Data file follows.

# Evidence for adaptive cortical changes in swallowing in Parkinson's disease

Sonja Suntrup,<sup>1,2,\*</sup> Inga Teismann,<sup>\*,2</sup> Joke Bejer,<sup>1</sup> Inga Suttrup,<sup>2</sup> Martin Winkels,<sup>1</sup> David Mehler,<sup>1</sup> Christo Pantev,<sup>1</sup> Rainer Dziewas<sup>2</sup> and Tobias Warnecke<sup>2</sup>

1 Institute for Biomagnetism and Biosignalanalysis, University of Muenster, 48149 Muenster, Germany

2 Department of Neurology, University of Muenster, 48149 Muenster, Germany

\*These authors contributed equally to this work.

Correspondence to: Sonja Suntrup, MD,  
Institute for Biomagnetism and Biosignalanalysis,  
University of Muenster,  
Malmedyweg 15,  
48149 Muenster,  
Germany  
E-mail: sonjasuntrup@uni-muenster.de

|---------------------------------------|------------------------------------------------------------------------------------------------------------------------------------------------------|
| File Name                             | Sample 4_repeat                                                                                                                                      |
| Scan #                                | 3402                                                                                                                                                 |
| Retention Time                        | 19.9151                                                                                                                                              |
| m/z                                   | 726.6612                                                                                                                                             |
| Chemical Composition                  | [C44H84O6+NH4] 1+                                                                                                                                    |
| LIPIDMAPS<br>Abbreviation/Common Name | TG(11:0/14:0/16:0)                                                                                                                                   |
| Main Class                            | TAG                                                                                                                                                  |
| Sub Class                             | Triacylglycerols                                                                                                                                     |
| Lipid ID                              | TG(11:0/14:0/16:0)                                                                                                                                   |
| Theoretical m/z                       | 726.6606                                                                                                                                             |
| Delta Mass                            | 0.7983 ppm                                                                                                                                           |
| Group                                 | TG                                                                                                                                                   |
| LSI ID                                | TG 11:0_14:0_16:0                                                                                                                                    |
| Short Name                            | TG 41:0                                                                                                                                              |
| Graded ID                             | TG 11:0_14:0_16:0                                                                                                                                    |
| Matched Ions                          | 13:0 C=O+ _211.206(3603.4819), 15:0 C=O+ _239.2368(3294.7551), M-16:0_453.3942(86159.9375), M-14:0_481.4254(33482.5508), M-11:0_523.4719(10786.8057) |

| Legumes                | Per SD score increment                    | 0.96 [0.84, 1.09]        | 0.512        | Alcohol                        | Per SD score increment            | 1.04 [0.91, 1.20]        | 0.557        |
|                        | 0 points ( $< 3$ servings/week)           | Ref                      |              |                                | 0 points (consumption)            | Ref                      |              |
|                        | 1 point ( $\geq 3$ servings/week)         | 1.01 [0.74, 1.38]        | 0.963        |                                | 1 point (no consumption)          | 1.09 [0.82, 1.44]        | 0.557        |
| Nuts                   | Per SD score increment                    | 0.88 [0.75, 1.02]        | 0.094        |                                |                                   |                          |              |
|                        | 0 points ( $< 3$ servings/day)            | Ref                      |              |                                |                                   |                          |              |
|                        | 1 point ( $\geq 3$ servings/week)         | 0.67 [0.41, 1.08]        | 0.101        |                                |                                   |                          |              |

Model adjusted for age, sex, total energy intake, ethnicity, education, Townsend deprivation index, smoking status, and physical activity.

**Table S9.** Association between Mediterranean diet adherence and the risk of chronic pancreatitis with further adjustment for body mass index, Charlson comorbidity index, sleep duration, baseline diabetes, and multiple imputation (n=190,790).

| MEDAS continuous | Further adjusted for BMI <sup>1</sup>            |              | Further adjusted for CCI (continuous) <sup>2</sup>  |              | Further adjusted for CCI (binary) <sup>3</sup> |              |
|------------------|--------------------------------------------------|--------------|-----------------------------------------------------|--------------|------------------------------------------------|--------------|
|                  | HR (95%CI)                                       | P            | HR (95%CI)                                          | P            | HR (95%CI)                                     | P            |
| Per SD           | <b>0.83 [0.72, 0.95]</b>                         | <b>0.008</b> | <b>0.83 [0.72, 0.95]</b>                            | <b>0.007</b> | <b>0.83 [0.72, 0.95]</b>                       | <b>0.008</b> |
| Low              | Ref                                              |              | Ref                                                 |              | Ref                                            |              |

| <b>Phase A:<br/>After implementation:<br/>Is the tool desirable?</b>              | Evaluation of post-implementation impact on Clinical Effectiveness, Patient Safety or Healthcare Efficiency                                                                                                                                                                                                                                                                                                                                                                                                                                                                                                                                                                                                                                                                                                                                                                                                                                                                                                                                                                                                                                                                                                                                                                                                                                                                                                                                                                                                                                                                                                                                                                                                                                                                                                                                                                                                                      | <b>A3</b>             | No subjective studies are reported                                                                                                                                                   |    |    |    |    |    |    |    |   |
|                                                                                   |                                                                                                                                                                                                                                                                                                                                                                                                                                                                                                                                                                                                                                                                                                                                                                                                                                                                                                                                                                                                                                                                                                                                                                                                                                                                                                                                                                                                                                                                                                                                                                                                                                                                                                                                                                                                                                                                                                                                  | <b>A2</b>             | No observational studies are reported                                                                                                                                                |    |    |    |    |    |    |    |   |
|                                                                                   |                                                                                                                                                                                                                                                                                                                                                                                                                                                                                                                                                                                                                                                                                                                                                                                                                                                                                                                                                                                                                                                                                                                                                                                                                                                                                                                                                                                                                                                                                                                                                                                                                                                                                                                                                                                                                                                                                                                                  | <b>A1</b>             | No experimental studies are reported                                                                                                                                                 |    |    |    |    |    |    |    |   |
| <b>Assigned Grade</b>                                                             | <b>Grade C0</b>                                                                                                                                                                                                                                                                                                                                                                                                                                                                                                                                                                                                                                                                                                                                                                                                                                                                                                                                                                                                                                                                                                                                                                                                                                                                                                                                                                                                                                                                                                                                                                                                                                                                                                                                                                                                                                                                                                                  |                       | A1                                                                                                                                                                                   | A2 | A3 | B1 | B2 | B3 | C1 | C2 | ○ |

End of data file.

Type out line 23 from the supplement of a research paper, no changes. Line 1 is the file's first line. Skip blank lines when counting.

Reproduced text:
| Theoretical m/z                       | 726.6606                                                                                                                                             |